It seems every year, we’re seeing an outbreak of some new or previously known disease that triggers bouts of hysteria perpetuated by the media headlines. I’m sure we all remember the scares bestowed upon us by the avian influenza outbreaks that occurred over the years, with the most recent happening back in 2014 and 2015, during which over 48 million birds perished. While this ailment is, for the most part, preventable and treatable, large swaths of the human population remain vulnerable to contraction, thus justifying the need to continue preventative measures against the disease.
Last year, researchers took a unique innovative approach in combating avian influenza by tracking bird flocks using Doppler radar. While this technology is normally used to predict and monitor rain or storms, Doppler radar technology is being utilized by researchers to track migratory waterfowl in real-time, with hopes of preventing and containing potential influenza outbreaks. While this practice was first demonstrated roughly one year ago, it coincides with the migratory schedule of waterfowl, as they travel to warmer climates during the winter months (so right about now).
Researchers at the University of California’s Division of Agriculture and Natural Resources are trying to mitigate risks of another outbreak. Their goal is to monitor the patterns of these birds, notify USDA, and producers if waterfowl are in their area that could carry the pathogen. Not only can Doppler radar technology monitor migratory waterfowl, but also determine densities of bird flocks, namely the amount of birds within a cubic kilometer of airspace.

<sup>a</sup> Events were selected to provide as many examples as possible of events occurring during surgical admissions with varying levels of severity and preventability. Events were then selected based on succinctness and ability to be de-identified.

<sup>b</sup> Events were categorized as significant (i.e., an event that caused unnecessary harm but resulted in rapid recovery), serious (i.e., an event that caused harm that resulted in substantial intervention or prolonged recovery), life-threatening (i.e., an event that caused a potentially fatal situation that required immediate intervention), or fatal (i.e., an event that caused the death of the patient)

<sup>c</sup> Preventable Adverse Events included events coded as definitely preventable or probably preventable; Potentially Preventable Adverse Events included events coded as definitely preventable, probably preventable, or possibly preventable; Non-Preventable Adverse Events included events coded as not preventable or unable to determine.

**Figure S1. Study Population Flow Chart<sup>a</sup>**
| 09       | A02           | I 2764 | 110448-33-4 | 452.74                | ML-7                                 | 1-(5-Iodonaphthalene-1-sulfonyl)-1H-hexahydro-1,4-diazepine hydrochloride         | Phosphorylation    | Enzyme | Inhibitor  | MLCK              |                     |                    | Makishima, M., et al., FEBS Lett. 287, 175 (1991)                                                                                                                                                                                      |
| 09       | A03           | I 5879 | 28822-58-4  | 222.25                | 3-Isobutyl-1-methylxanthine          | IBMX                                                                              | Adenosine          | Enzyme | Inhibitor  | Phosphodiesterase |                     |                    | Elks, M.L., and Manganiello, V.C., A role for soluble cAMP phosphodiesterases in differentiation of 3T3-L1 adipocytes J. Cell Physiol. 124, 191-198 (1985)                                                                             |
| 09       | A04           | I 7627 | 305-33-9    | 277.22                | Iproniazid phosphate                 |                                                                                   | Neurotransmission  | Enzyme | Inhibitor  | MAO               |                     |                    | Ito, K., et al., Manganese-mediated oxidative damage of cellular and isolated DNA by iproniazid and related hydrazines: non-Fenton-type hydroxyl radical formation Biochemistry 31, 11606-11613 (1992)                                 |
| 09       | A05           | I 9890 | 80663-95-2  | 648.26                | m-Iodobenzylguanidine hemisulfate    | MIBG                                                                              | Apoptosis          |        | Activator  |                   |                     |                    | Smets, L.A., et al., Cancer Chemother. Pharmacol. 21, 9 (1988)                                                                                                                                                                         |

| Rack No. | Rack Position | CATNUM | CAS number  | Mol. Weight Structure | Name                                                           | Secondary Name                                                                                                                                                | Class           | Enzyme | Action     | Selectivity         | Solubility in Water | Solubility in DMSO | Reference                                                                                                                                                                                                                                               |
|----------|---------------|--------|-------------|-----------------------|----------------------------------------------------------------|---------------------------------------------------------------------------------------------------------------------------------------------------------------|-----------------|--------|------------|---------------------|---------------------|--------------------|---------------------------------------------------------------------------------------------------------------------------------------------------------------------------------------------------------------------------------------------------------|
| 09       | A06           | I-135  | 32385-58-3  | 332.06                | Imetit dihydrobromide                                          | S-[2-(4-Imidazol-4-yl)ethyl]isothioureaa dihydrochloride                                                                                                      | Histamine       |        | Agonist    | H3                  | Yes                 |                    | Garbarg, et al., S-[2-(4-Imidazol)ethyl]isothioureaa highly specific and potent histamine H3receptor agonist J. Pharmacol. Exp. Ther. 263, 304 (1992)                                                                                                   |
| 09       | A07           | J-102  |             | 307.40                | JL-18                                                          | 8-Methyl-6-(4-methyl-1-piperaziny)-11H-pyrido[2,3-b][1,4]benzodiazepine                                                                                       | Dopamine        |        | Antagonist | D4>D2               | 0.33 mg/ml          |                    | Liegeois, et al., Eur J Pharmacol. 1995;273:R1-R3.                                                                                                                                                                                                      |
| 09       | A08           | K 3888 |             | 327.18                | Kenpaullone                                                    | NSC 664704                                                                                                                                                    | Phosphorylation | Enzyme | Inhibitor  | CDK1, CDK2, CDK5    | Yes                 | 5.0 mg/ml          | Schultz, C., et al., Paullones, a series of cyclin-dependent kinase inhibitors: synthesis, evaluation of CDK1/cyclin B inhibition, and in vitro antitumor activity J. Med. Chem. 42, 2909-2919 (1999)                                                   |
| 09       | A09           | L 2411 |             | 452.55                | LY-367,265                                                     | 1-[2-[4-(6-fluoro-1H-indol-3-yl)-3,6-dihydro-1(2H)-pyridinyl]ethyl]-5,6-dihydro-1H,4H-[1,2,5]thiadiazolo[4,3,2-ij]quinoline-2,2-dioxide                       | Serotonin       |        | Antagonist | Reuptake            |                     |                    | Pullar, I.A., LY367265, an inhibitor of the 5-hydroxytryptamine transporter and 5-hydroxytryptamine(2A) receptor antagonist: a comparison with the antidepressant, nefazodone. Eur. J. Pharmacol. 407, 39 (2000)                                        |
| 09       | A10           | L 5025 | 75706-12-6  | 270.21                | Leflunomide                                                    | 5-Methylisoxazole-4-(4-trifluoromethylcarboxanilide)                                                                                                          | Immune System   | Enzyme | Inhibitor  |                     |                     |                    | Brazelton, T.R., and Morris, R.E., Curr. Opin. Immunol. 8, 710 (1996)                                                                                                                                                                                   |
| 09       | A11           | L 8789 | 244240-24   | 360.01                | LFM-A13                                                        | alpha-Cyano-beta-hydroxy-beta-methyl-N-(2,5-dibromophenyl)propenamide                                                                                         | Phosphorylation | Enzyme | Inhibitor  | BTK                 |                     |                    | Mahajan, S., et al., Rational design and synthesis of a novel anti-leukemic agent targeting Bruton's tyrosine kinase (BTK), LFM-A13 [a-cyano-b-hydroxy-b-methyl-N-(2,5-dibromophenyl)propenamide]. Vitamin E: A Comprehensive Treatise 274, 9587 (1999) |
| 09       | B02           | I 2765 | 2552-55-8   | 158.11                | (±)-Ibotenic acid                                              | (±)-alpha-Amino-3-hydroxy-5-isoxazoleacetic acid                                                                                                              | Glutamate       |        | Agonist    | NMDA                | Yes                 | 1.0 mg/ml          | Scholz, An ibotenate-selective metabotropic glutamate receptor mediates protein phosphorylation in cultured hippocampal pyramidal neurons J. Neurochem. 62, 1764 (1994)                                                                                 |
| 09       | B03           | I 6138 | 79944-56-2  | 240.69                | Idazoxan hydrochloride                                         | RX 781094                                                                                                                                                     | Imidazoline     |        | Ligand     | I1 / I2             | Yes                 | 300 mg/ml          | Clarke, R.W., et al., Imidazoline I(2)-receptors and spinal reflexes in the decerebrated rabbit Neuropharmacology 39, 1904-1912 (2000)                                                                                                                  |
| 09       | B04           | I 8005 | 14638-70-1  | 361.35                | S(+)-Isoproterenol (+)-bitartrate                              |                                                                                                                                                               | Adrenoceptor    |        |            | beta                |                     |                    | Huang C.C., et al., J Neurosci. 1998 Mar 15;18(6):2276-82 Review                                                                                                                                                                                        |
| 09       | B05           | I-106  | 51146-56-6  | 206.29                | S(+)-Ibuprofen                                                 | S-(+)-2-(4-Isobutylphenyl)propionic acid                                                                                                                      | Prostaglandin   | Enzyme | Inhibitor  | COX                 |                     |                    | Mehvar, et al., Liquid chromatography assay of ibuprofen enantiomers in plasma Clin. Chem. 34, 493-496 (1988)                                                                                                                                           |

The technology can also track the direction and speed of a flock, using a radar beam to detect bird movements in the air like it would with rainfall. Reflection of an intense radar signal can indicate the presence of up to 1000 birds per cubic kilometer, whereas a weak signal can detect around 60 or 70 birds per cubic kilometer of airspace. Hopes are high that the data accumulated from this radar technology can be further developed and released on a monthly or even weekly basis online.
The video below breaks down how this technology operated, and demonstrates what researchers look out for on their screens to determine the size, direction, and other important details on migrating waterfowl flocks.